• The school staff in Ozy and Millie seem to encourage bullying in the school. The principal flat out won't do anything about Jerk Jock Jeremy because he thinks that bullying is something all children should go through, and when Millie's teacher punishes her for defending herself against Jeremy, she tells her mom that she feels that "it's easier" to punish the victim rather than the bully, which implies that she knows that Millie isn't at fault here and is just too lazy to do anything about it. The only one who seems to care about the well-being of the students is the school counselor, but the principal doesn't listen to her. While this is exaggerated for laughs, all of this is based on the creator's experiences with bullying in school.
  • The Paris-based English-language school in Sandra on the Rocks is just vaguely weird in countless ways (the American-style atmosphere, the uncontrolled sexual activities of many of the pupils, the uniforms, etc.), putting it more in line with American comedy comics and Japanese manga than anything you'd probably find in that place in reality.

    Web Original 
  • Comes up frequently and is often Played for Laughs in SuperMarioLogan.
    • In "Bowser Junior's Homework", Junior has to study for an exam at school the next day. Some of the subjects he has to study include calculus and Chinese, even though he's in Kindergarten. Chef Pee Pee Lampshades this, stating that he shouldn't even have to do that kind of stuff.
    • Everything about Jackie Chu. He gives his second-grade students difficult work (like giving the Junior homework on calculus), frequently insults his students and calls them dumb (though considering that he has people like Junior and Jeffy in his class, he's somewhat justified), acts inappropriate and frequently uses Asian stereotypes, and taught his class where babies came from. All the kids think he's cool, though.
    • In the "Bowser Junior's 1st Grade" series, a teacher at Junior's school named Mr. Winkle is revealed to be a pedophile and gets arrested. At a parent-teacher conference, it's revealed that Principal Steinbeck and Officer Goodman had already known about this, but they hired him anyway because he called them hot. It was only when they revealed this in front of a bunch of pissed off parents that they realized they'd been tricked.

    Western Animation 
  • The Amazing World of Gumball
    • Gumball's teacher Miss Simian dates the principal of the school, Principal Brown, and no one says anything about it. Relationships between school staff, let alone between a teacher and the principal, are not strictly illegal per se, but they are usually frowned upon because of the risk of personal display of affection, especially in front of elementary-age children, and because of concerns of favoritism. In fact, this is probably why Miss Simian is still a teacher at the school despite being a complete jerk to her students.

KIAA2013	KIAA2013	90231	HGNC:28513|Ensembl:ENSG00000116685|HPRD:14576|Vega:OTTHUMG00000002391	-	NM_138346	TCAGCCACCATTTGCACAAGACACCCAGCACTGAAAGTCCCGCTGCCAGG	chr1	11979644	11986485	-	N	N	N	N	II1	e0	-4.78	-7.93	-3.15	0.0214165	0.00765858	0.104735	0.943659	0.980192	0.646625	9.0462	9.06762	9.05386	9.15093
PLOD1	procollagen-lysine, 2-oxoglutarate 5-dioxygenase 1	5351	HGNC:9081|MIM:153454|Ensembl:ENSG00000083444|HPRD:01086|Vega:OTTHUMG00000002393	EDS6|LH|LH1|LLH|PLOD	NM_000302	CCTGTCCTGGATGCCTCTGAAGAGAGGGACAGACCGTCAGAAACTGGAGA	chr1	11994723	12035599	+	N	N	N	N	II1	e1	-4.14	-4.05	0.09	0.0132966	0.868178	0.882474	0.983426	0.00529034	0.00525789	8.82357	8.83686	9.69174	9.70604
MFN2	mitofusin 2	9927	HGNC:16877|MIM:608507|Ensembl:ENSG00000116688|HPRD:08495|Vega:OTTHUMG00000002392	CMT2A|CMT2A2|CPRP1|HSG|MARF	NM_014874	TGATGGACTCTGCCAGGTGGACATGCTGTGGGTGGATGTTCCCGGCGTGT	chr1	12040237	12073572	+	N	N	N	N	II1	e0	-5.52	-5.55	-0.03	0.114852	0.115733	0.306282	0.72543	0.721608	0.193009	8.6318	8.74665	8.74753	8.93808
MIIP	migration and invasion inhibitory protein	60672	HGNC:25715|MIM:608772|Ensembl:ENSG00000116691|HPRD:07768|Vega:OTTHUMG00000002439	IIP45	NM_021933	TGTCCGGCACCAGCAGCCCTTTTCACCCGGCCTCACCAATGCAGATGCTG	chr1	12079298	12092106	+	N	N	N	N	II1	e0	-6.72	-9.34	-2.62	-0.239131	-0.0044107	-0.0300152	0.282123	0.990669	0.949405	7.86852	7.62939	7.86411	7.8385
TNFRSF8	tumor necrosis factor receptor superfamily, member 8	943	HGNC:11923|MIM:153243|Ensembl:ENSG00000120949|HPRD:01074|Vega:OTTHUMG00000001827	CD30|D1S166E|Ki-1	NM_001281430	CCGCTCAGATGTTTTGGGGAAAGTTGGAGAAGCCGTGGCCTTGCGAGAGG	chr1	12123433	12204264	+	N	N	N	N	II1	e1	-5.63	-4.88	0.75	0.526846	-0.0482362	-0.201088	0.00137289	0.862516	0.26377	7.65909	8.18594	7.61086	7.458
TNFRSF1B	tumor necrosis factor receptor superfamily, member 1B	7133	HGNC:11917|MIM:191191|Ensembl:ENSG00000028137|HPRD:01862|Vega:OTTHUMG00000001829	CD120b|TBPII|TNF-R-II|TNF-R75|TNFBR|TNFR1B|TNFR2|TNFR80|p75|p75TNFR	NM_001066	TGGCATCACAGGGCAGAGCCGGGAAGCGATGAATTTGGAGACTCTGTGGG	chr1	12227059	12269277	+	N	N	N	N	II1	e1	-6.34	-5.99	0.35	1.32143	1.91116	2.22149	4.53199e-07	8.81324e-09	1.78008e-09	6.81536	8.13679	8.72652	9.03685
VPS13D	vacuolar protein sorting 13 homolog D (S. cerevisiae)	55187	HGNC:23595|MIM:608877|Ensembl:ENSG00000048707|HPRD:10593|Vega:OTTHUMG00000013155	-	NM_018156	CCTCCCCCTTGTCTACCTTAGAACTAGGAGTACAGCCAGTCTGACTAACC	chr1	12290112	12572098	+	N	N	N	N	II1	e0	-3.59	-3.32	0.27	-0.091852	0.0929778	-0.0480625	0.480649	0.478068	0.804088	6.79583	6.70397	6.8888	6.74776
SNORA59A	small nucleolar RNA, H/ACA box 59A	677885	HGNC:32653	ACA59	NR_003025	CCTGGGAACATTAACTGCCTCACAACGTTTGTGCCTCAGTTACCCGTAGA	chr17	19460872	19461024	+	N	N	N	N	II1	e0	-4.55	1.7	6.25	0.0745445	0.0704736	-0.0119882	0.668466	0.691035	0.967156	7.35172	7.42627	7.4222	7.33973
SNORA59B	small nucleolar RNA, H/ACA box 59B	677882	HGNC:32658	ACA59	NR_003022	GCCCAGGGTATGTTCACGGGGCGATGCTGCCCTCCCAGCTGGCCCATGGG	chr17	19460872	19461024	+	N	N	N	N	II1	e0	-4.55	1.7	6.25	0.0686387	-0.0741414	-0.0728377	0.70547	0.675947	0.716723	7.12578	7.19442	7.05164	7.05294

• Late in the series, Principal Brown is revealed to have a fake diploma. How he managed to get a job with no credentials and avoid getting caught is anyone's guess.
    • In many episodes, Gumball receives detentions that are much longer than they would be in real life, such as in "The End" when he and Darwin got detention for six hours. The episode takes place within a time-span of an entire day, which means that they served the detention in one sitting.
  • American Dragon: Jake Long: Professor Rotwood somehow manages to get away with teaching a class about magical creatures in an ordinary high school. While it's possible that the class is officially about mythology (which some high schools do offer) and Rotwood's obsessions cause him to shift focus, it's still a stretch that he would be able to get away with this for years. Pushing things further, despite being arrested several times throughout the series (including on one occasion for kidnapping his own students), he's always back teaching in the next episode and even gets even promoted to principal in the second season. There's also the fact he calls himself "Professor" Rotwood despite being a high school teacher, not a college lecturer (while some high school teachers do try to do this, it's generally frowned upon).
  • The last season of As Told by Ginger had an episode where Ginger got Saturday detention. What for, exactly? Sleeping in English class because of a caffeine crash. While falling asleep in class would warrant a punishment, such as being told off by the teacher or getting a small detention after school on a weekday, no school would give a student Saturday detention for something like that. Additionally, the English teacher seems to have it out for Ginger because of a personal conflict with her cousin (Ginger's middle school English teacher), which implies that she actually was in more trouble than she deserved. This gets lampshaded by Ginger.